That is behind the notion of sustainable development, which is being restated for the present generation in the Bill. It has been restated by the Secretary of State, who has spoken of lasting benefits for the population of the

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country or countries for which provision is made. Our aid must be an investment that will sustain the development of the world's poorest societies for many years to come.

If we succeed in refocusing our aid as investment in the world's poor, we should then work to increase that investment. Despite all our efforts—despite the Department's increased spending—this country is still some way from achieving the United Nations' target of 0.7 per cent. of gross national product being spent on aid. I hope that the Secretary of State will use the success of the Bill to set out a clear timetable for the reaching of that target very soon, and I also hope that that will have cross-party support.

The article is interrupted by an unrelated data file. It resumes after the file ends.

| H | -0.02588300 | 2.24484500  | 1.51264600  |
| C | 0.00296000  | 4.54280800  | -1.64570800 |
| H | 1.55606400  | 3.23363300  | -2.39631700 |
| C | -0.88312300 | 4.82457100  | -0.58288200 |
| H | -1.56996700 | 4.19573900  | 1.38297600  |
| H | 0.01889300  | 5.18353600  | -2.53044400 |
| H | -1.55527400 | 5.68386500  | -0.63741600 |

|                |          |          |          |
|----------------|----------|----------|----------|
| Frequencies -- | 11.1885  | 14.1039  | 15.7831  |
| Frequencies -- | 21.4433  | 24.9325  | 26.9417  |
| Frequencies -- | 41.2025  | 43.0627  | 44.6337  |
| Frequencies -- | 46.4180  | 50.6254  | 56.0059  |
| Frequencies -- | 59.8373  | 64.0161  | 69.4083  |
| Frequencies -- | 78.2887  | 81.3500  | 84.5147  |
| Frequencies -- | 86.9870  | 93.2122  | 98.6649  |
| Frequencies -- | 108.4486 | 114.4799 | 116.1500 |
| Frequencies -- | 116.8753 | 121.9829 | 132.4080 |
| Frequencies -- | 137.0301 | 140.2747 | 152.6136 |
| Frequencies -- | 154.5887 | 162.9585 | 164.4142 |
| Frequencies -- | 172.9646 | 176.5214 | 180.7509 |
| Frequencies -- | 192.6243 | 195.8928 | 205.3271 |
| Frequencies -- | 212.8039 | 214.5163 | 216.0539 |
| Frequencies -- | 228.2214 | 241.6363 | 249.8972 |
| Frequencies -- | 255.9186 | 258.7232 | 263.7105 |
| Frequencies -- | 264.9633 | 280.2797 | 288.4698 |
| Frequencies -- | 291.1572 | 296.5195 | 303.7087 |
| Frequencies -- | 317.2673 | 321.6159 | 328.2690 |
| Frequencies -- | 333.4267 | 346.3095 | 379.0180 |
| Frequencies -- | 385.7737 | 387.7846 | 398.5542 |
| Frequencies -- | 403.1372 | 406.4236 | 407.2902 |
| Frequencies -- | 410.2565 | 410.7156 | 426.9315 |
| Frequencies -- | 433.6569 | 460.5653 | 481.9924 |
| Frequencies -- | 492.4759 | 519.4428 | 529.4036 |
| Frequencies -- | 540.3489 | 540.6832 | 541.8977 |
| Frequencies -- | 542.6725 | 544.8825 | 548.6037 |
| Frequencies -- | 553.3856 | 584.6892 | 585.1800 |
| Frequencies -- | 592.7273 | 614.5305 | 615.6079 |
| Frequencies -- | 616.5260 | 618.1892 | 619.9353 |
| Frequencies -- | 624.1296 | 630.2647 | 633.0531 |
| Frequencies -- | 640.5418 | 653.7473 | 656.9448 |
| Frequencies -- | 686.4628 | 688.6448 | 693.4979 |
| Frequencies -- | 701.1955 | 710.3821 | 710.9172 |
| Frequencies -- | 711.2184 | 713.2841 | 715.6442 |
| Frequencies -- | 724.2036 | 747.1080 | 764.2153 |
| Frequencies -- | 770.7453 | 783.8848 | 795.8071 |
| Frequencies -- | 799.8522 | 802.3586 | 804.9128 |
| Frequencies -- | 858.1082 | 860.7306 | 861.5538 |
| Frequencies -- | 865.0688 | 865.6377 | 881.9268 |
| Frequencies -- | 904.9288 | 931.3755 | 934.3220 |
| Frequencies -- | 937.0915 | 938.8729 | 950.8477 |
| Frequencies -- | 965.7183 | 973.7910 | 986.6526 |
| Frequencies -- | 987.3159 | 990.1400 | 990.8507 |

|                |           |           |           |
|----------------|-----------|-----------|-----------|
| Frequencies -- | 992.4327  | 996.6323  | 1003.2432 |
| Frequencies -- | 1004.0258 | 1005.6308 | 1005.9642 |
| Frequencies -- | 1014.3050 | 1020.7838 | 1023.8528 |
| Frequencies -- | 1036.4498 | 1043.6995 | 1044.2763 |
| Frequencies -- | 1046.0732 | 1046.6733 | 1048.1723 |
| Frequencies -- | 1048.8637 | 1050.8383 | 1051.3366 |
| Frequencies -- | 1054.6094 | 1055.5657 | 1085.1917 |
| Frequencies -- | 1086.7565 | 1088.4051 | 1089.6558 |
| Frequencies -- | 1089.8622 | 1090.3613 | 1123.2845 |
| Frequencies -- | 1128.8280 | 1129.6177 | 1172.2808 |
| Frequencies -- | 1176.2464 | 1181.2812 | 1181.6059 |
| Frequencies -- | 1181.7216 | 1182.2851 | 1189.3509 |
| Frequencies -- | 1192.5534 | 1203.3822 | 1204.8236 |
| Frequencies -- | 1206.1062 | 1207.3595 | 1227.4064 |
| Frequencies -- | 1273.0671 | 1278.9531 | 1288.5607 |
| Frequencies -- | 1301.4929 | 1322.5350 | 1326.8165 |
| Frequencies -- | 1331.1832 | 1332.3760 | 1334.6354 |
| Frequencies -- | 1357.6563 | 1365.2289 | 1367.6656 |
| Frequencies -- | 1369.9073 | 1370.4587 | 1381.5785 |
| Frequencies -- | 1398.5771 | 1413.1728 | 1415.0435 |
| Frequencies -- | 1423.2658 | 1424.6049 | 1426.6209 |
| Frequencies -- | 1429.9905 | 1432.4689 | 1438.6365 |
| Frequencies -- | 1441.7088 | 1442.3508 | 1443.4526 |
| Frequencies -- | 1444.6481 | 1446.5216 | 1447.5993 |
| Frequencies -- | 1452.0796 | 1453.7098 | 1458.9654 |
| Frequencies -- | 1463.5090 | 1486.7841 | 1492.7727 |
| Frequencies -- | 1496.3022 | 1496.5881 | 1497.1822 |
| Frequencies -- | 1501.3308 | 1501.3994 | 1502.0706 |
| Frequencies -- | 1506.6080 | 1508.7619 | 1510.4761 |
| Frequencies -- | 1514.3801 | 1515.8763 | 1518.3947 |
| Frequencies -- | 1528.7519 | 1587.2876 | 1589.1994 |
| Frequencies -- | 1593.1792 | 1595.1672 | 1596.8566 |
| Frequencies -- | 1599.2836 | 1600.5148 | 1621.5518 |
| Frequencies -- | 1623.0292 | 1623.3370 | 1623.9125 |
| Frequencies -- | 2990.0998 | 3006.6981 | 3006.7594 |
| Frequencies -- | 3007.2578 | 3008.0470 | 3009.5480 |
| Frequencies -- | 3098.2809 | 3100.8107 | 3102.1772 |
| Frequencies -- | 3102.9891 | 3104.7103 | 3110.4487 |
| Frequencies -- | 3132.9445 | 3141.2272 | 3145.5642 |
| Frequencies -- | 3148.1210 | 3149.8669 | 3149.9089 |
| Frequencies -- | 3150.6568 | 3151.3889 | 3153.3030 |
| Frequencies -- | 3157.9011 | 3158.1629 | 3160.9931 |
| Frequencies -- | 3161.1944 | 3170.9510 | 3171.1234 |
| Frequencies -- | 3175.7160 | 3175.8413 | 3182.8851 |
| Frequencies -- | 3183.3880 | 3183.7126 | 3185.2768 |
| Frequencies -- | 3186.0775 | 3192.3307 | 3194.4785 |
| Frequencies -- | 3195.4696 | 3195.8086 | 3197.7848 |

There is, I believe, an overwhelming political, moral and practical case for refocusing our development assistance on the elimination of poverty around the world, and that is what the Bill will achieve. It will help to ensure that aid is provided in a way that will sustain the development of the world's poorest societies. We shall come to see aid as an investment that, over time, will help to close the gap between rich and poor, and alleviate the terrible suffering that is still so much a part of the human condition. As I have said, every generation restates its case for making the world a better place.

In the 19th century, my constituency played host to William Wilberforce, who lived in Wimbledon while he was working in this place for the abolition of slavery. I congratulate my right hon. Friend the Secretary of State and her Department, under the leadership of Sir John Vereker, who is also my constituent, on the lead that this country is taking in raising the elimination of poverty to the top of the international agenda, and helping to reform not only the way in which UK aid works but the whole international approach to debt relief and aid. My right hon. Friend rightly has the support tonight of the whole House, and that of the vast majority of decent, caring people in Britain who want the Government to succeed in alleviating the plight of the world's poor and in entrenching the search for more global justice to make the world a better and safer place.